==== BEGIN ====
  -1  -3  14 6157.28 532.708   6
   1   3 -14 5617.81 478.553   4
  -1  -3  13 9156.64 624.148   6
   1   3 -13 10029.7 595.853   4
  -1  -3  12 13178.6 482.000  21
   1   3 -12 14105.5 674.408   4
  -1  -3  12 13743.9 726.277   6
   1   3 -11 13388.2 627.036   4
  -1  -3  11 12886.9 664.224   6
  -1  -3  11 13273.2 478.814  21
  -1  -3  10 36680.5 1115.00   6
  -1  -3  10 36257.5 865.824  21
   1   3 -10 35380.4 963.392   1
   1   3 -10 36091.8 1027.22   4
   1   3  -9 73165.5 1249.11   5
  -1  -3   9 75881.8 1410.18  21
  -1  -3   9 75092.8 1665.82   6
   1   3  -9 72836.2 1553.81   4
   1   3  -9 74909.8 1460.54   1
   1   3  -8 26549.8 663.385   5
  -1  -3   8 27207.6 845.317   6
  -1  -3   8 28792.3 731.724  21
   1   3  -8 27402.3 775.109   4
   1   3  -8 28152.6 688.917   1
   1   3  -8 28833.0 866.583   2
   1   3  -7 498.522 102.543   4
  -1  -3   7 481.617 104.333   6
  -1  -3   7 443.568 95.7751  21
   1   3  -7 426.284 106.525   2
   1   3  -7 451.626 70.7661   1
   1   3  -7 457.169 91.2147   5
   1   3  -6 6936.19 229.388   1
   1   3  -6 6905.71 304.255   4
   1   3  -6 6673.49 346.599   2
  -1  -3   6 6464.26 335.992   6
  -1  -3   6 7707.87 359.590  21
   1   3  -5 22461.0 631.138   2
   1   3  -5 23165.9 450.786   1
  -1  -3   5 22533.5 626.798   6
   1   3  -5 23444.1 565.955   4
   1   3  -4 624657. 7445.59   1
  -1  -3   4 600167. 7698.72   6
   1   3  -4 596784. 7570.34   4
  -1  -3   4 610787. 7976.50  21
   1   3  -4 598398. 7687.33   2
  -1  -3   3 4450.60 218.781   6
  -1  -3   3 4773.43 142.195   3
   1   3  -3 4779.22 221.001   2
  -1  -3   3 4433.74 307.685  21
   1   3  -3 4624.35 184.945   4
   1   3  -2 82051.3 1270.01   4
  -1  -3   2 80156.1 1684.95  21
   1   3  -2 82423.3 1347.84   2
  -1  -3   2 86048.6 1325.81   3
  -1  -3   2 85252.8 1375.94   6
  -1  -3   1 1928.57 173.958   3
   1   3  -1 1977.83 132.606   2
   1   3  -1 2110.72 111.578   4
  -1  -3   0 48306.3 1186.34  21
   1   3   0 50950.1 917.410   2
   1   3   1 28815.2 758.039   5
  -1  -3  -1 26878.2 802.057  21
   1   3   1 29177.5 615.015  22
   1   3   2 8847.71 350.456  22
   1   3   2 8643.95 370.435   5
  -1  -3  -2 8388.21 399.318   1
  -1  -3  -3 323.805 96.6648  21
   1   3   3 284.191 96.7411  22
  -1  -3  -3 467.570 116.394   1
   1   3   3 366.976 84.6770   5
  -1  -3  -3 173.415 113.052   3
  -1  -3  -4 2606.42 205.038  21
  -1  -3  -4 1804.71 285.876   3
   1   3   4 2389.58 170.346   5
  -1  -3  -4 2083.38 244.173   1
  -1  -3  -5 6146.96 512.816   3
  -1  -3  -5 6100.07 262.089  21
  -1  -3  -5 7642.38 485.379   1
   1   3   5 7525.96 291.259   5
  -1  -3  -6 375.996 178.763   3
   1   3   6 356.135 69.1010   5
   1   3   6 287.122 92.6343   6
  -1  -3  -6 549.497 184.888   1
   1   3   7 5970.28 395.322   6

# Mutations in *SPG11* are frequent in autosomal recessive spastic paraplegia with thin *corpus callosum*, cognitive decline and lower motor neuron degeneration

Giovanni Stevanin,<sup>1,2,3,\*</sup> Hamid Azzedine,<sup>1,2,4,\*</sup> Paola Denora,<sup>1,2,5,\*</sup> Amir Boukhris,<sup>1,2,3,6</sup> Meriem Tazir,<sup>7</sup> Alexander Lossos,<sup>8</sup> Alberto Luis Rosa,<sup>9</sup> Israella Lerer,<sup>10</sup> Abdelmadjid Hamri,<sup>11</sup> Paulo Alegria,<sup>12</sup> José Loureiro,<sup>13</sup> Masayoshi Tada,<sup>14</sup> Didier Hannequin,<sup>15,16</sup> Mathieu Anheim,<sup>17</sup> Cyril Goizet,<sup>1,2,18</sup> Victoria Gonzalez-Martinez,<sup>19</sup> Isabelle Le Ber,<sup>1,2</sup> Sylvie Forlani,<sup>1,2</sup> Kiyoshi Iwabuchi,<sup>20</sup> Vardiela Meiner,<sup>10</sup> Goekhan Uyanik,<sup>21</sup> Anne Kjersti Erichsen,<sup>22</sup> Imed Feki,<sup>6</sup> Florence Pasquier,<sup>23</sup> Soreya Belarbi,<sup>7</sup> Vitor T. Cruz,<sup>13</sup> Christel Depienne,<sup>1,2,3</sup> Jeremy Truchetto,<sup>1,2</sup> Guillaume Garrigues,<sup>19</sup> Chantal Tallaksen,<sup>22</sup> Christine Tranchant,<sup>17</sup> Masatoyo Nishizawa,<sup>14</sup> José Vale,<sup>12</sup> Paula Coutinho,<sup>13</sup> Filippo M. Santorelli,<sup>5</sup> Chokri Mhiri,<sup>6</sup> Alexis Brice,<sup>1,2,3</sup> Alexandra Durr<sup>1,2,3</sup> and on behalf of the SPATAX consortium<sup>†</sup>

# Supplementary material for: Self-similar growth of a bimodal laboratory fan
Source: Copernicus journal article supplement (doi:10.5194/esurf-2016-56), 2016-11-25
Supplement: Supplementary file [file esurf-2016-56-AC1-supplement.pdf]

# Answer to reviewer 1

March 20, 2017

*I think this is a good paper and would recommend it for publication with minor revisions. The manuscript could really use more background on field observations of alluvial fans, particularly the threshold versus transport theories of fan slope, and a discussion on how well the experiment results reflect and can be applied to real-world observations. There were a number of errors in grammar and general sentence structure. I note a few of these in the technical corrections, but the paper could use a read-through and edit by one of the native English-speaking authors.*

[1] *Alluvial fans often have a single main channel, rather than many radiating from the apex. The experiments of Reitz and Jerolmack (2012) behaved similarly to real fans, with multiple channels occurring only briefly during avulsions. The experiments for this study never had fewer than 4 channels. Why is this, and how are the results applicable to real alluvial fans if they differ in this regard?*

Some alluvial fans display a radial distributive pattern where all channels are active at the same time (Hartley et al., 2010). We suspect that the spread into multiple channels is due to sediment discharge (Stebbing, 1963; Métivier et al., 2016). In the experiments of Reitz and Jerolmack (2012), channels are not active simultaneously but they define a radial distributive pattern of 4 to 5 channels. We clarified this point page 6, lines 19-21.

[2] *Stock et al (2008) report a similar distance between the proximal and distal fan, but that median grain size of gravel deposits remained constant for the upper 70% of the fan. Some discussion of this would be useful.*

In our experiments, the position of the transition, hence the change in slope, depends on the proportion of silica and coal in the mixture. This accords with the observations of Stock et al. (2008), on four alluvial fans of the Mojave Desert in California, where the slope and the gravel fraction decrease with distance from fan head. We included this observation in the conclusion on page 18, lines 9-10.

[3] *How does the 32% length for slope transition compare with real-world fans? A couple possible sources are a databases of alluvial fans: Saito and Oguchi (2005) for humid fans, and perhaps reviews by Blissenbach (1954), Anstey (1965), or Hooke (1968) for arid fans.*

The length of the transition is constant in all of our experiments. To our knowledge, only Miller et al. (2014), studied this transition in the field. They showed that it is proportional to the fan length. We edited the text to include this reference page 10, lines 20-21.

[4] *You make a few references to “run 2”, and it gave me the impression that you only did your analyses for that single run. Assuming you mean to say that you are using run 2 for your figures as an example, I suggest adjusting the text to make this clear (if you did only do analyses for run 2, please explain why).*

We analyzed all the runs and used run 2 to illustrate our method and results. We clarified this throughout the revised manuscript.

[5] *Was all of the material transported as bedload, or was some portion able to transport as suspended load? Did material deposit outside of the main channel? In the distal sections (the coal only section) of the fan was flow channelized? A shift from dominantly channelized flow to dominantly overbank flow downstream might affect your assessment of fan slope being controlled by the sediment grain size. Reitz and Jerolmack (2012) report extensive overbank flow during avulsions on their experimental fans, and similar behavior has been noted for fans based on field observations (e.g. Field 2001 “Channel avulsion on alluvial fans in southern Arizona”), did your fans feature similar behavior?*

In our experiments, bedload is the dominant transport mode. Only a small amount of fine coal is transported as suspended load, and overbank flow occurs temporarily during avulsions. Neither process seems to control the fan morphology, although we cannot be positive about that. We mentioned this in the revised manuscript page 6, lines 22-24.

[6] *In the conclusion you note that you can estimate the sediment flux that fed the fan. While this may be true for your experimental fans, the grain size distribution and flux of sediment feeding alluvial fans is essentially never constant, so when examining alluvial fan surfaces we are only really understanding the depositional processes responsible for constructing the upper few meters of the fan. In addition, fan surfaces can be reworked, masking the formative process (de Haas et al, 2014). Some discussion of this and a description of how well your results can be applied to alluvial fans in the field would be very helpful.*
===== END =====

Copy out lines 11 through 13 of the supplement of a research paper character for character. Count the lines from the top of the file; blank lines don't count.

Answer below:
  -1  -3  10 36680.5 1115.00   6
  -1  -3  10 36257.5 865.824  21
   1   3 -10 35380.4 963.392   1